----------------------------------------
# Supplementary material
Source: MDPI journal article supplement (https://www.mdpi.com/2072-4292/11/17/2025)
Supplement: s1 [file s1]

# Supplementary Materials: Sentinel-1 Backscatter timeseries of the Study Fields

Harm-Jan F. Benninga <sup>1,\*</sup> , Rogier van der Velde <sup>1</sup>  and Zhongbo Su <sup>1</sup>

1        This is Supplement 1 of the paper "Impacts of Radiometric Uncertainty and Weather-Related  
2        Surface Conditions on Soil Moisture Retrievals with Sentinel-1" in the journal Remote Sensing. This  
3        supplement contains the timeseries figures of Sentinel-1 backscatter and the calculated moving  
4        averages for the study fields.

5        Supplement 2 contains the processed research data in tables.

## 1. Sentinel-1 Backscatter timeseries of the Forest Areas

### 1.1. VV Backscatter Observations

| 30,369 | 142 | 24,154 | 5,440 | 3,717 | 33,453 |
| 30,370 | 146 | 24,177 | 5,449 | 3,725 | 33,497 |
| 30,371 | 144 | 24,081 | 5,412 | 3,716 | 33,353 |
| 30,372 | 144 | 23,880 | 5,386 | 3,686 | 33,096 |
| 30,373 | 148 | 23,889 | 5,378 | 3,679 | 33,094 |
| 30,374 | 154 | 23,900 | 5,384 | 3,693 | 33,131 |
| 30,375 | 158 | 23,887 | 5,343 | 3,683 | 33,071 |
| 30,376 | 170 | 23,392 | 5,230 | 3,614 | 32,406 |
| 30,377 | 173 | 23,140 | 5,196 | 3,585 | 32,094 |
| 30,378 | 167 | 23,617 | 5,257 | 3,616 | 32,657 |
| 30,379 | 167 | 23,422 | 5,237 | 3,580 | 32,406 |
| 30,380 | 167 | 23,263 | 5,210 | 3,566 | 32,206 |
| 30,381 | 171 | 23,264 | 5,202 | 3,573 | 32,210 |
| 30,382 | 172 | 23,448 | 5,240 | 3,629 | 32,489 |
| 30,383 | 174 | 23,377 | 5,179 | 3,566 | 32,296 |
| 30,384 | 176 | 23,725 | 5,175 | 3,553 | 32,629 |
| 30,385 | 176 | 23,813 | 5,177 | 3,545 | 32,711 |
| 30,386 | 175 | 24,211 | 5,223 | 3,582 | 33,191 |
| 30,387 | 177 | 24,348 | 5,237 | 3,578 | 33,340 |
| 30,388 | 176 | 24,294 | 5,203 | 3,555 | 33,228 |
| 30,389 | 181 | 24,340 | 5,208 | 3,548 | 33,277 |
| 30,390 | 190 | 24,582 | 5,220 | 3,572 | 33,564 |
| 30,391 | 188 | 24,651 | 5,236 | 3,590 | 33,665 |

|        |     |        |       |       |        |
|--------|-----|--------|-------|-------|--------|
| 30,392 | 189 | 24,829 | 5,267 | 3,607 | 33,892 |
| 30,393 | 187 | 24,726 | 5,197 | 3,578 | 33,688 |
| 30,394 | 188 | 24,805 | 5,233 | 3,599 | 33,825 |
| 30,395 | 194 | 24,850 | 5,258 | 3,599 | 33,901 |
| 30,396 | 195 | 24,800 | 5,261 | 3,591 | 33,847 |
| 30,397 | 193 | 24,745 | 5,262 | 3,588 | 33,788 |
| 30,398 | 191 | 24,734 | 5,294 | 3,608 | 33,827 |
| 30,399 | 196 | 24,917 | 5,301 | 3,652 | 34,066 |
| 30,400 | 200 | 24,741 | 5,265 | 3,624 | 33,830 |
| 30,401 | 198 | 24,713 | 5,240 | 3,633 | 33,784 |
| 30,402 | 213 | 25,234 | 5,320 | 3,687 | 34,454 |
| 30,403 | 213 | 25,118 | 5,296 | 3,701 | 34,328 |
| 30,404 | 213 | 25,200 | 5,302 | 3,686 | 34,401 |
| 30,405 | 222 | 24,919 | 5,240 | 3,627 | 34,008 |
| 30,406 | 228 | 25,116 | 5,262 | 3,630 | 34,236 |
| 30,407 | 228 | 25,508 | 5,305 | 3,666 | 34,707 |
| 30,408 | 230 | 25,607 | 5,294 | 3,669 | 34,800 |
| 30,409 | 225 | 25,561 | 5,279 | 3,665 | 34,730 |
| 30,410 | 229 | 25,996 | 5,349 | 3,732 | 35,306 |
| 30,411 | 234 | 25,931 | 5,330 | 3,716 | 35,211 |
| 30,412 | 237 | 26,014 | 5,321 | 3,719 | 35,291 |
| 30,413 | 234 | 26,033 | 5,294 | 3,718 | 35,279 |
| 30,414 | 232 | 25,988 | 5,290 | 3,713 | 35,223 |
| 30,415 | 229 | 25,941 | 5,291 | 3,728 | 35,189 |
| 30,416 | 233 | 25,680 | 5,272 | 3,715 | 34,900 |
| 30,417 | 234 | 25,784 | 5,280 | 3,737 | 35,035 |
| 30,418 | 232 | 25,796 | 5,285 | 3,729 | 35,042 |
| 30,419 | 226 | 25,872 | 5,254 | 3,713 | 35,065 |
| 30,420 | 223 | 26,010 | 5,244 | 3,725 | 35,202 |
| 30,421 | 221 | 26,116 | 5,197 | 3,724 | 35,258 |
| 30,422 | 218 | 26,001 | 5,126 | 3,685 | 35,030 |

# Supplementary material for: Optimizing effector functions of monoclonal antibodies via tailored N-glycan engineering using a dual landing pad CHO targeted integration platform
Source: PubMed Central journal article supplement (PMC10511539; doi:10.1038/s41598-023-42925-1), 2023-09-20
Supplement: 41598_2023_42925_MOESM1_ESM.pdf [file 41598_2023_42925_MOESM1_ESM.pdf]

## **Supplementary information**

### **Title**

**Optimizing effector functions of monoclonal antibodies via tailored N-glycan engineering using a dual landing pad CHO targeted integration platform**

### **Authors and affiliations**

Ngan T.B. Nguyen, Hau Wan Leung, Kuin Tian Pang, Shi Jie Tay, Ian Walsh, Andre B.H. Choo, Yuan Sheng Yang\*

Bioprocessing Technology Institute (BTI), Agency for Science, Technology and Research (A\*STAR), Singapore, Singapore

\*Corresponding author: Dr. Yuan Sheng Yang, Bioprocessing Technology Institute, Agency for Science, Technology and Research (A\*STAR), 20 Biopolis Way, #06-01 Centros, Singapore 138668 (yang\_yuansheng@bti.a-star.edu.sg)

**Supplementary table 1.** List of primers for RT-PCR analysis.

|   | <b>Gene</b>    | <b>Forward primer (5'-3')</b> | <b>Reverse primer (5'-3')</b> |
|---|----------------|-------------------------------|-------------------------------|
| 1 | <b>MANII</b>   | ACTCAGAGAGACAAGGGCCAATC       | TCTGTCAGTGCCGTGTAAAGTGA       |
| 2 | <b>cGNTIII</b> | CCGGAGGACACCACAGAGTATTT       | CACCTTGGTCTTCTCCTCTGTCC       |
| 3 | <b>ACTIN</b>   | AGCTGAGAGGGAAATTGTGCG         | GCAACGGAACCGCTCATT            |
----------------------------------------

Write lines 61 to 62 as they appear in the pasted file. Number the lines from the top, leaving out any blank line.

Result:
| 30,415 | 229 | 25,941 | 5,291 | 3,728 | 35,189 |
| 30,416 | 233 | 25,680 | 5,272 | 3,715 | 34,900 |